If you live in a smaller city, you might not expect to enjoy amenities like bikesharing. Residents certainly weren’t expecting it in Harrisburg, PA, but the city of fewer than 50,000 has grown closer and enjoyed a host of new opportunities—and new ways for locals as well as visitors to explore and connect with it—as a result of its Zagster bikeshare program.
It all started with Ryan Riley, president and state director of Communities in Schools of Pennsylvania, an organization that addresses the needs of at-risk students across the state and has an office in Harrisburg. After starting his career in Harrisburg, Riley moved to Washington, D.C., where he used the Capitol Bike Share system. He enjoyed it so much that when he returned to Harrisburg to work with Communities in Schools (CIS), he made bikeshare a cornerstone of his efforts to raise community awareness of the mission—and called on Zagster to help. “I thought, what better way than putting our logo out in the community on bikes?” Riley said. “We spent about six months evaluating it, contacting donors, building a coalition around it, and once we had enough support, we launched the program.”
Harrisburg’s bikeshare program has met with overwhelming public enthusiasm as local riders and visitors alike use the bikes to connect with the city and explore its many features. By the time of the program’s first anniversary in September 2018, its 3,707 members had taken almost 10,600 rides.
Riley attributes this success to the ideal cycling landscape of Harrisburg, with its long, bike-friendly riverfront, as well as its commuters, who use more varied modes of transportation compared to other cities in central Pennsylvania, where most commuters drive.
“People have responded well to this because we've made it part of the social fabric of the community,” Riley said. “It's just not been tucked away at bus stations or Amtrak stations. It's really been in the front and center of the community since the launch.” Such front-and-center positioning leads to community adoption, the key to bikeshare success.
And it’s not just commuters making great use of the bikeshare program. The program’s most active station is outside the Broad Street Market, the oldest continuously-operated market house in the United States. Many riders—locals as well as tourists drawn to the market’s history and locavore ethos—use the basket on the front of the Zagster bikes to carry their favorite handmade goods, deli foods and produce from the market.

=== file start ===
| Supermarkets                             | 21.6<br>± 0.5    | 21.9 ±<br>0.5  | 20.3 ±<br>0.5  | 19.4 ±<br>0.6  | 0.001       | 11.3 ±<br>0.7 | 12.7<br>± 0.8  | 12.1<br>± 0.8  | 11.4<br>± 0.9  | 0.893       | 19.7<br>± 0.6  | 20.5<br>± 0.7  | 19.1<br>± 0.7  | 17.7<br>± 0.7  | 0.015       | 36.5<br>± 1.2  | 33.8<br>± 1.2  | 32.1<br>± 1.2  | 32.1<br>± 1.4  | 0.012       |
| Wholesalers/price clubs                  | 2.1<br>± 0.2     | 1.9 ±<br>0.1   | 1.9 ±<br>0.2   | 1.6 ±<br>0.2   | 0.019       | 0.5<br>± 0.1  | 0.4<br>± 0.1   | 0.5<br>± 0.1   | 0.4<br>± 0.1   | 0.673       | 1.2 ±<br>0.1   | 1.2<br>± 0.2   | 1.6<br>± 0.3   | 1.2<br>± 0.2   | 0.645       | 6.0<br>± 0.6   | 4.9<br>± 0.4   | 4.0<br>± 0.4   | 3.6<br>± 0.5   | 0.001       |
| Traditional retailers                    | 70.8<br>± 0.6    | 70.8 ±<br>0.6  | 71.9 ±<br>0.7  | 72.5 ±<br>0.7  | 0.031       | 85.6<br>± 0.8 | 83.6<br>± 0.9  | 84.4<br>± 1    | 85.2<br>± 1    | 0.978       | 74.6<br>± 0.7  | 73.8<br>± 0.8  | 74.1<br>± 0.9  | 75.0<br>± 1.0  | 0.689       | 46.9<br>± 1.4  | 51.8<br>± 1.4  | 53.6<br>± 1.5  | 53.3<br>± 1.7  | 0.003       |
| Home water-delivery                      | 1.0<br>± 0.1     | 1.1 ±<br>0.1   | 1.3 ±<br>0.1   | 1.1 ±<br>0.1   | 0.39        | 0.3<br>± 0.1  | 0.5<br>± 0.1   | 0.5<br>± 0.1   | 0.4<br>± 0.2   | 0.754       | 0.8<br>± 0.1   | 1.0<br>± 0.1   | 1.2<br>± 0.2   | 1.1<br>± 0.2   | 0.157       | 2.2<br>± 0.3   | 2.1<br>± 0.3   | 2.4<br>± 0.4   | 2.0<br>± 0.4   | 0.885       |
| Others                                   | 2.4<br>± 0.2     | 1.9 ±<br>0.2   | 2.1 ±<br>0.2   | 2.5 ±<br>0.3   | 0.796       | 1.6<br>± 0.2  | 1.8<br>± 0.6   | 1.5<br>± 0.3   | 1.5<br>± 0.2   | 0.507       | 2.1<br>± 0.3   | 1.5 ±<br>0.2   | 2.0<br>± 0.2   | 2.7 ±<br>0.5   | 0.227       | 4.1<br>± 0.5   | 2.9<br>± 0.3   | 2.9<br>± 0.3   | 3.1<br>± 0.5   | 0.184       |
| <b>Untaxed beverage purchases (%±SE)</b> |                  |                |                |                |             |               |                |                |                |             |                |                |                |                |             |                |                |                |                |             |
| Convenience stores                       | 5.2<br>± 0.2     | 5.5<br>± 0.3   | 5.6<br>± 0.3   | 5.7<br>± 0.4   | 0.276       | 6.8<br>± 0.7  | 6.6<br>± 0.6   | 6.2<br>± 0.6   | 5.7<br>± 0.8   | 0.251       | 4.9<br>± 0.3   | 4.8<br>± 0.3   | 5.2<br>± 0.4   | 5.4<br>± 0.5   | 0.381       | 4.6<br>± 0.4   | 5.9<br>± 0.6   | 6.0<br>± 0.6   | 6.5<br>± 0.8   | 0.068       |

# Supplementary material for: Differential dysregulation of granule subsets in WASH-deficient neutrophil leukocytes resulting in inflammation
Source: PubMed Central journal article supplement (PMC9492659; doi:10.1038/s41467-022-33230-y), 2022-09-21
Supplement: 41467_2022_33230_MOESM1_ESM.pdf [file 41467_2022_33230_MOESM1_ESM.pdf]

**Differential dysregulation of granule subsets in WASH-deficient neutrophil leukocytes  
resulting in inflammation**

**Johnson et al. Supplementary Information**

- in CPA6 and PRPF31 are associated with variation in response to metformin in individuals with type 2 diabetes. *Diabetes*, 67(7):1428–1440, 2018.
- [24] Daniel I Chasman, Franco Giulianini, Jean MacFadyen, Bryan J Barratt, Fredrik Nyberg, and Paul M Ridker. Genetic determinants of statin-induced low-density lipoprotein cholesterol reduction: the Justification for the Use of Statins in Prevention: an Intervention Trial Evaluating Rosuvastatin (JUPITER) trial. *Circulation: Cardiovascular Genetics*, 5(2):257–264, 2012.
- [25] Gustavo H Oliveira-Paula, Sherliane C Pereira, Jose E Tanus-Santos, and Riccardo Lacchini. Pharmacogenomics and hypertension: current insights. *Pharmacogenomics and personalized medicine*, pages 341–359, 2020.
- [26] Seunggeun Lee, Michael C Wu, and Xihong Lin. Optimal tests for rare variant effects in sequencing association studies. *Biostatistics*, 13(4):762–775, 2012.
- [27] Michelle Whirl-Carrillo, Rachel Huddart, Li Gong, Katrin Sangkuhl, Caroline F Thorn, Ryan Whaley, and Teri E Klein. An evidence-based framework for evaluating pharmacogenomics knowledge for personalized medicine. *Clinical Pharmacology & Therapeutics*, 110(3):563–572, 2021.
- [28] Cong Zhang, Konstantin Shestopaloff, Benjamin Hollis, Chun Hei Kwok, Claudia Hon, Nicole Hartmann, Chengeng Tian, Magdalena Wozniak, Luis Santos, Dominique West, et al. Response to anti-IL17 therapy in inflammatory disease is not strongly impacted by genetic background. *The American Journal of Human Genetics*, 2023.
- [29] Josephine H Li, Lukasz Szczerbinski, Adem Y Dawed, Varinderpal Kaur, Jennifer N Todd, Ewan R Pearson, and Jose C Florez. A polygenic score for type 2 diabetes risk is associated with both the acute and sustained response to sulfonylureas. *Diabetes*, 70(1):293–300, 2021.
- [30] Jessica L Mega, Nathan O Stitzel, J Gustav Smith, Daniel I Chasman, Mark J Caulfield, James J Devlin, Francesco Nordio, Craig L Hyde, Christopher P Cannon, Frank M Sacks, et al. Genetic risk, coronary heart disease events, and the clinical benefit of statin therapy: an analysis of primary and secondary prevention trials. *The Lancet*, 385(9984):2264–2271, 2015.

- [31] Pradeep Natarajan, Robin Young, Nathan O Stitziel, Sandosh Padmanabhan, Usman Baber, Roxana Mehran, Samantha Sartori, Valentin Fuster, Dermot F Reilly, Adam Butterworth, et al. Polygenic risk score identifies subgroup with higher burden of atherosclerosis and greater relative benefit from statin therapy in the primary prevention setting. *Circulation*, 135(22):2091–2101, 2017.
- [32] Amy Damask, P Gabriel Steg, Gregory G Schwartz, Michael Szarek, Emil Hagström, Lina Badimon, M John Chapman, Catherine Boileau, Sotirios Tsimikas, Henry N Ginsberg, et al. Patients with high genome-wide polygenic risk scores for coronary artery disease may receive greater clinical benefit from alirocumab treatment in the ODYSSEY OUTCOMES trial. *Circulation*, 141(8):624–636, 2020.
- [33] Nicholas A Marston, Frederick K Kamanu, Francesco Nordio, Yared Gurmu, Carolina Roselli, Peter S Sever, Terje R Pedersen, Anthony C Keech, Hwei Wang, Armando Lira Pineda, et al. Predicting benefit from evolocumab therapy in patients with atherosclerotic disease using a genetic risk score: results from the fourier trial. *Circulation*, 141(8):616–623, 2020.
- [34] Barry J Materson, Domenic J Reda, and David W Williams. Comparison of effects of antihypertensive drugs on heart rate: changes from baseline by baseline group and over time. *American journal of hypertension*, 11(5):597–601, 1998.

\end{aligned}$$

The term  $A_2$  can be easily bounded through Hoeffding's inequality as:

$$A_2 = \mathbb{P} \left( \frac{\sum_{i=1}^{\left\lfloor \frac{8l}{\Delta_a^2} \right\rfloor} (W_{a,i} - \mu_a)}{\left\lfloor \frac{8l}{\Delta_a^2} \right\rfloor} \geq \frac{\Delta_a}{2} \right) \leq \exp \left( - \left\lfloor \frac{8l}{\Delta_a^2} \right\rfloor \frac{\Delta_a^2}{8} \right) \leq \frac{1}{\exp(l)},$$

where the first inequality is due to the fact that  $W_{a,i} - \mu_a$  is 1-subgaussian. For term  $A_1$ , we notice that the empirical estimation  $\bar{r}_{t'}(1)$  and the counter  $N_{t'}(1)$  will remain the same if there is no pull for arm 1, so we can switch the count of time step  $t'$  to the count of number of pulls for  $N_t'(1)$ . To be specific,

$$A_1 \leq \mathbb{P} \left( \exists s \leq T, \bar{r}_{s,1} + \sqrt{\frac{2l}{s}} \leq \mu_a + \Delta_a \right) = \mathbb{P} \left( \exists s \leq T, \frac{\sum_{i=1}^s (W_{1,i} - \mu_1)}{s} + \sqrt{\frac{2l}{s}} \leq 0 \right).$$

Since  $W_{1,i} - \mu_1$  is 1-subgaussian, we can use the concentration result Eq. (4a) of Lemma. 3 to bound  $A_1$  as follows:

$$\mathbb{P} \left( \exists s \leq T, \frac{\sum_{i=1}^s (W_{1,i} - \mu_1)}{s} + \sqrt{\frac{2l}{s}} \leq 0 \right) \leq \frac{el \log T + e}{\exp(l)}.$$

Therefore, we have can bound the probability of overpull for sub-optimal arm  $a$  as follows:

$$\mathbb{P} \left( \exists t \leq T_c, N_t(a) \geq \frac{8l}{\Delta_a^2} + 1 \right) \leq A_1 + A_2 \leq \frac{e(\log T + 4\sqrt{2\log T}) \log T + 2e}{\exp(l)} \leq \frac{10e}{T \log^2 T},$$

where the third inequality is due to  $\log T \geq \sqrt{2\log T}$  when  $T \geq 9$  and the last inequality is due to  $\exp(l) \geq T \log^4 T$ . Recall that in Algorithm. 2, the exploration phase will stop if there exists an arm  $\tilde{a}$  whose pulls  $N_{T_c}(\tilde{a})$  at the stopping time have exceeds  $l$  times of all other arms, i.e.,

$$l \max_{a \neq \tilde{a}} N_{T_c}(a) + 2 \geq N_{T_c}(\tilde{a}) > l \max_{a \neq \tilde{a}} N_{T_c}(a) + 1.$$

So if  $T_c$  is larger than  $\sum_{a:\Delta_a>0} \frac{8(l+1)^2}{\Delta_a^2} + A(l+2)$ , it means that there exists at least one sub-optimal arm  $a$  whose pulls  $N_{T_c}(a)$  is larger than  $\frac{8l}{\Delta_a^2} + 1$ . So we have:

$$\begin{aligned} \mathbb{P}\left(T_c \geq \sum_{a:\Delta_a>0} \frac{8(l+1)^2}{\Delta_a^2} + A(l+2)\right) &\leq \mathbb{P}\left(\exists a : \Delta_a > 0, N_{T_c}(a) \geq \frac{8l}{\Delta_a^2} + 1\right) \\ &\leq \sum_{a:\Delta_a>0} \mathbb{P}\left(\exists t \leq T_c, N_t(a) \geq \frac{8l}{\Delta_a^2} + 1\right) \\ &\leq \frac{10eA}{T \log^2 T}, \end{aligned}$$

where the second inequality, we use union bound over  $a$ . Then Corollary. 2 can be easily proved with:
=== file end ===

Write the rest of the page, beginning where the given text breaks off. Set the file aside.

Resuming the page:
“There’s also a recreational component,” Riley added. “A lot of people who come to Harrisburg enjoy going to the state capitol, going along the riverfront, going to City Island. There’s no better way to see the town than biking. I think that's a good match for the tourism market.”
Another key to Harrisburg’s success: the above-and-beyond promotional and public information strategy initiated by Riley’s team. It not only provides key details about bikesharing in Harrisburg, but it also leverages the stories of individual riders on a dedicated website (hbgbikeshare.org) and on social media, which are updated by a dedicated part time media manager.
“We recognize our high fliers, folks who are our top riders for each month, for the quarter, for the year, and we follow them,” Riley said. “We get their stories. We find out what they like about the community, and what they experience on the bikes.”
The website and social media accounts also publicize bikeshare events. The first of these was an inaugural bike ride using all 55 of the city’s Zagster bikes and included the mayor, the state representative, county commissioners, police, nonprofit leaders, district attorneys and judges. Another event took advantage of Harrisburg’s restaurant scene with Sunday morning bike rides to local brunch spots across the city. Riley and his team expected 10 to 15 attendees, but the event sold out in 36 hours; additional riders brought their own bikes for a total of around 75 participants.
Next up, Harrisburg plans to expand its bikeshare program to cover about 150 square miles over two counties, including college communities, more downtown areas, regional parks and the Capital Area Greenbelt, a roughly 20-mile path used for cycling and walking.